I haven’t spent much time cataloguing 9-11 memorials, but by far my favorite sits on the edge of an old farm in Connecticut. Its relative seclusion and rough materials suggest that the memorial was not conceived for broad and endless consumption so much as to express the needs of a maker while the shock of the attacks was still new and amorphous but massive. The violence has penetrated even this bucolic pasture.
The towers themselves appear to be blocks of granite, maybe curbstone never needed before. Organic in origin yet reshaped coarsely by man, the stones portend the very solidity of existence will be struck. A black rag suggests both the smoke in New York and the mourning of the memorialist. The plane swooping in from the tree branch can be both the commercial airliners used as the weapons as well as the military jets sent aloft in defense. The metal rod on the right tower clearly mimics the antennae atop the World Trade Center, but it is also so disproportionately long it seems a message being sent into heaven or the news of the destruction being broadcast into every home.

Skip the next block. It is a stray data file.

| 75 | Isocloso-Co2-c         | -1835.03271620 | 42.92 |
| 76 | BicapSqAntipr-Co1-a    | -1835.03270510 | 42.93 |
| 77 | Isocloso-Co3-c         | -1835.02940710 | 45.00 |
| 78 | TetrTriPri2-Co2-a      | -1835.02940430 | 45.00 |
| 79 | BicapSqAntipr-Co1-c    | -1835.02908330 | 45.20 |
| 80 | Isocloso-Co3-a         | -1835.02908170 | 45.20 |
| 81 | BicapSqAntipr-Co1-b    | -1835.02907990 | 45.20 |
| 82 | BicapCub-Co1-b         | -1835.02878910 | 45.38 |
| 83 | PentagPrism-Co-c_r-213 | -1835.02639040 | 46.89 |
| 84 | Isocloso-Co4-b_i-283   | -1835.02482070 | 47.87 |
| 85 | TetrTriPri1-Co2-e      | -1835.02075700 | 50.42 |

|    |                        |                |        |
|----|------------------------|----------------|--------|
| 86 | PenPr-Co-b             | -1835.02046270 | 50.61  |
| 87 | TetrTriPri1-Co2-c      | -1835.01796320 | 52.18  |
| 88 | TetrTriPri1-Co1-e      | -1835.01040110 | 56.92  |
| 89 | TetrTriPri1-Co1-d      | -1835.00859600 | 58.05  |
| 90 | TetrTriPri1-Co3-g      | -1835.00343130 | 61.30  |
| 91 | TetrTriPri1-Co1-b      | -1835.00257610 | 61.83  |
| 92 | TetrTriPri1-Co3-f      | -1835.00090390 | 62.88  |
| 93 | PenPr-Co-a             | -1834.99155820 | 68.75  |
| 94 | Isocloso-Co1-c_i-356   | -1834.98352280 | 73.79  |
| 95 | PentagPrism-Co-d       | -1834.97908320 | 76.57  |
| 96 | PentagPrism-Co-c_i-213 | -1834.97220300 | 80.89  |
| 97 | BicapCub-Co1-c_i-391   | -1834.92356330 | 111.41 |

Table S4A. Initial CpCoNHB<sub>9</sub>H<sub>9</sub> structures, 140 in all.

Indeed, the whole structure on its surface appears as basic mimesis, but like a Brechtian actor or an ancient Egyptian painting, we are not supposed to forget it is representation rather than duplication. The memorial points; it does not recreate.
Finally, although the memorial sits relatively securely, it does not seem designed to last the ages. We can imagine the wire suspending the plane will snap or the branch will break under too much snow. Lichens and rust already overtake the materials. With a solid shove, the whole edifice could topple along with the wall on which it rests. The memorial had to last long enough to express its moment, which is not forever. When the structure falls, it is not that we will forget, but that the past will have taken a more stable shape in our lives and the personal memorial of expression will have done its work.